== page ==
There's no two ways about it: saving is a slog, and it’s made even harder by a market that has been stagnant for more than a decade.
While there was a glimmer of hope when the Bank of England hiked the base rate in November, interest rates have remained pretty underwhelming.
Given the amount of dedication it now takes to get a decent sized savings pot together, it’s even more important that you get it right.
Even prudent savers can make mistakes, so make sure you don’t fall into these traps so you can get the most out of your money.
Stashing loads of cash
All too often, people accumulate a substantial pile of money, which they leave in a deposit account. Many savers favour the simplicity and safety of deposit accounts, says Liz Bottomley, managing director of private banking at Arbuthnot Latham.
However, she points out that – while you should always have an emergency cash buffer – you could be doing yourself a disservice by holding large amounts beyond this.
The same applies to cash Isas, which of course offer tax protection, but currently provide next to nothing in the way of return. For longer-term savings, Bottomley says you should consider other asset classes. “For those looking to self-manage, consider a stocks and shares Isa where you can get the tax benefit on something with a better growth prospect.”
After years with inflation barely above zero, it’s now come back with a vengeance – making it more imperative that you protect the value of your hard-earned cash.
“To most people, inflation is an arbitrary measure,” says Simon Longfellow, head of Janus Henderson’s Steps to Investing. “But despite knowing that £10 today can’t buy what £10 could even five years ago, people still insist on saving huge amounts in cash.”
Longfellow points to figures which indicate £1.3 trillion was being held in cash at the end of last year. “Even if you take rainy day money into account for every household – say three months’ salary – that’s still £963bn dwindling in value. So if you have more than three months’ salary in cash, think about how you can earn a better return.”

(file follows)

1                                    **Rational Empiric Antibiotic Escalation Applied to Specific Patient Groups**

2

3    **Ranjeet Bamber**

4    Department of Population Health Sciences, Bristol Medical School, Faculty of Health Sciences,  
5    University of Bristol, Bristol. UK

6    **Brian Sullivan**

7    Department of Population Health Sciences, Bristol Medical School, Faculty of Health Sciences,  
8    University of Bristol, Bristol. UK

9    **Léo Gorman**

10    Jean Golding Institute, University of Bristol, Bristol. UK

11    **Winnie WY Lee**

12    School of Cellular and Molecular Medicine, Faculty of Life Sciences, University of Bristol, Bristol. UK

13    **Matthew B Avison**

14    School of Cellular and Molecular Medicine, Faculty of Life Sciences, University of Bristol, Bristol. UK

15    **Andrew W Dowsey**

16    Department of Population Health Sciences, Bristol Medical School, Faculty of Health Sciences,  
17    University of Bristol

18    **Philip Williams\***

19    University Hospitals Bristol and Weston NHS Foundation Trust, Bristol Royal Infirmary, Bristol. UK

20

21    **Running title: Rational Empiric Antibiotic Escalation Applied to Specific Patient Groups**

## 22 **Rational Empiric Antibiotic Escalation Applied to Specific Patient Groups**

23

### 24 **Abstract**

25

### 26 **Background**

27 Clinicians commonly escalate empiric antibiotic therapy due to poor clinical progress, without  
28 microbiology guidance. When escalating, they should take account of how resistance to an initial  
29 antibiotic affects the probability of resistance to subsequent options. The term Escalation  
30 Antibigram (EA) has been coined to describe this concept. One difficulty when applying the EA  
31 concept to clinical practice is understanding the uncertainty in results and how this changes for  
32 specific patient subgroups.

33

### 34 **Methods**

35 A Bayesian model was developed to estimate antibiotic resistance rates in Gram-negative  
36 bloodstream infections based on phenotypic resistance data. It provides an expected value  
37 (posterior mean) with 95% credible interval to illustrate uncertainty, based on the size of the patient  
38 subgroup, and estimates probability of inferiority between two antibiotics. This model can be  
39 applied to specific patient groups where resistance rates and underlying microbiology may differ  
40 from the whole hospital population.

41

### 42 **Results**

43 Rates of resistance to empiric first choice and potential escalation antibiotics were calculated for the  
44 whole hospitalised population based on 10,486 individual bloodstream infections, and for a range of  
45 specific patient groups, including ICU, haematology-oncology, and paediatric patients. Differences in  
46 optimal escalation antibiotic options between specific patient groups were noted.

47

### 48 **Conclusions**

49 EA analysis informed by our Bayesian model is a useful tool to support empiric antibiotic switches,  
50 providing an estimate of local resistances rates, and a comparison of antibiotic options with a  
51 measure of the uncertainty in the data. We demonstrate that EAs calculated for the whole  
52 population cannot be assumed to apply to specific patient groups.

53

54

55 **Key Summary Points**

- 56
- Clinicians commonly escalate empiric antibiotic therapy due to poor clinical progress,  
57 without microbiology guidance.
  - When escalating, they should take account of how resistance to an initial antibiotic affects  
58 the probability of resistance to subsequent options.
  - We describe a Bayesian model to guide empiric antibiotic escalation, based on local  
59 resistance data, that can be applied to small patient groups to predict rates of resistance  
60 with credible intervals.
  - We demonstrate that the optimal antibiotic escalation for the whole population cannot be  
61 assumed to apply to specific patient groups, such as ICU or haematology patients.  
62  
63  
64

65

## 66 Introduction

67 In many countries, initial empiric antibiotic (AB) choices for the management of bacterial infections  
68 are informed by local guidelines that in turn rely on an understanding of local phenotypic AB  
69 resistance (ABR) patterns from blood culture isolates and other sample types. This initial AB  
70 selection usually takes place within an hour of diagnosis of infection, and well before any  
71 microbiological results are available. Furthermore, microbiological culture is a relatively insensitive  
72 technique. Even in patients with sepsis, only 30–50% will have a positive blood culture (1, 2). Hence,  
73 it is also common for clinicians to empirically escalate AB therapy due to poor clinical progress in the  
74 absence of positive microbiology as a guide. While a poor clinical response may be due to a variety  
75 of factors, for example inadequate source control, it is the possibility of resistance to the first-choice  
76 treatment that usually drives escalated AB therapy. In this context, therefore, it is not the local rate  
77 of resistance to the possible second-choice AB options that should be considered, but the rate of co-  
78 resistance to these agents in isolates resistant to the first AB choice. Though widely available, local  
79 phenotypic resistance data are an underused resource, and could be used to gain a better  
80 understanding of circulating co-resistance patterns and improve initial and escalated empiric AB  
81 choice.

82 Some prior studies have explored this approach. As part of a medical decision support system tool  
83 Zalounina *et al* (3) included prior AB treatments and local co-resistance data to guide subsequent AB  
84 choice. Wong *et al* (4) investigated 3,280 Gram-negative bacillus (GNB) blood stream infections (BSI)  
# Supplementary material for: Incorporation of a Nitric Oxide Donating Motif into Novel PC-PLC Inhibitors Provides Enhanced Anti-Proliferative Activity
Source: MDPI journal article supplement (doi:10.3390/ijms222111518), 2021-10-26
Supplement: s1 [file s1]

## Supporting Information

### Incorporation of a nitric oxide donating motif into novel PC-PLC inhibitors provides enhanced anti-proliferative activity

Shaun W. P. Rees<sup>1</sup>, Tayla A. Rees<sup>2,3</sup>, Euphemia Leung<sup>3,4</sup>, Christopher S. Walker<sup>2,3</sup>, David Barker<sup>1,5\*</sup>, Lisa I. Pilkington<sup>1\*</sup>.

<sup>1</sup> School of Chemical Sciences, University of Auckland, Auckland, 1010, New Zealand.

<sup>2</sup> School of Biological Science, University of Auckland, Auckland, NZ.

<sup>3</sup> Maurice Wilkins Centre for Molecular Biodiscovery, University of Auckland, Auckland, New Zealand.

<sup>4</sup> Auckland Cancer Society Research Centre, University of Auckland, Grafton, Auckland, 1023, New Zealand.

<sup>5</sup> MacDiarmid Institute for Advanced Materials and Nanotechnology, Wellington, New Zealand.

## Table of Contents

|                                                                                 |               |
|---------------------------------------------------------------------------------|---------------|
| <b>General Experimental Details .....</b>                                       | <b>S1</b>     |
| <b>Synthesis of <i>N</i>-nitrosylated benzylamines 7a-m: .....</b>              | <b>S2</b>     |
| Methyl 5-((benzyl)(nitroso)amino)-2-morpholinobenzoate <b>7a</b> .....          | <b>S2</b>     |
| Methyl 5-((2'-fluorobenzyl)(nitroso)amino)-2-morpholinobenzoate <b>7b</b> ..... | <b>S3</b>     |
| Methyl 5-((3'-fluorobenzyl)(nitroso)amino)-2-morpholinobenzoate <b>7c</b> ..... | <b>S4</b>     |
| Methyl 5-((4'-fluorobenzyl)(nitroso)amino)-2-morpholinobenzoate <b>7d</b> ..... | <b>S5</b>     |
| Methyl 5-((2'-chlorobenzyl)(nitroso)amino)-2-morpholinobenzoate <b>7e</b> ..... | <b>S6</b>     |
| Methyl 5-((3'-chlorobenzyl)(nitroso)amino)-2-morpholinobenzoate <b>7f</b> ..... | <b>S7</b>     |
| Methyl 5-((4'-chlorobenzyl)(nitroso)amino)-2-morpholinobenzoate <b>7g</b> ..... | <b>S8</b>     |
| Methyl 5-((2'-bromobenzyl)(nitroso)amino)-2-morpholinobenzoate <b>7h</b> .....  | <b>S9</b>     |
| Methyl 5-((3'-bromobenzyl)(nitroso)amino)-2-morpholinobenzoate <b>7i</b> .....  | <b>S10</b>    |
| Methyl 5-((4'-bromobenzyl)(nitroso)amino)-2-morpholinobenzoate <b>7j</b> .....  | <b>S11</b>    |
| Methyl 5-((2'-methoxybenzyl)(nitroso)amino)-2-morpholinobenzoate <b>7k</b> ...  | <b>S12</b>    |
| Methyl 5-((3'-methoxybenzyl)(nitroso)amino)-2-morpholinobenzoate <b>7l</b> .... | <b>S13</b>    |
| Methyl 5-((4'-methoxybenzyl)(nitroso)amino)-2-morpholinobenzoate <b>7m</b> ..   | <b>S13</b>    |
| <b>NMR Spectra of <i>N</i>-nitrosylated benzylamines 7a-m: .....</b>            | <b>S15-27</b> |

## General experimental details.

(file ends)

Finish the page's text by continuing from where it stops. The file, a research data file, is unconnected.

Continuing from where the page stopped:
Failing to regularly review your pension
The mountain of pressing financial commitments – from mortgages to school fees – means pensions often end up taking a backseat.
But Jade Connolly, head of advice at Ascot Lloyd, warns that many professionals find that their existing level of pension contributions will not be sufficient to fund them in retirement. “Reviewing and increasing contributions during your 40s will be far less dramatic than waiting until your 60s,” she says.
But on the flipside, Connolly warns that there are also circumstances where individuals may be paying too much into their pension, particularly if their salary has increased and they now breach the £10,000 limit for annual contributions. “The tax consequences for over-contributing can be significant and therefore care should be made to review contributions regularly.”
While other finances can take priority, don’t let your pension strategy gather dust at the bottom of the pile.
Thinking investing is riskier than it is
Research from Steps to Investing indicate that people with cash savings between £40,000 and £140,000 think investing in equities is as risky as putting money on black or red in a game of roulette.
And yet, figures from insurance giant Axa show that over the past two decades, a 10-year investment in the FTSE 100 had a 95 per cent chance of making money. “They’re pretty good odds,” says Longfellow.
“Perhaps even more compelling is that since 2000, the FTSE All-Share has delivered an average return of 153 per cent, compared to just 32 per cent from cash saving."
So while your savings pot might look pretty healthy, don’t dismiss the returns that can be made by investing.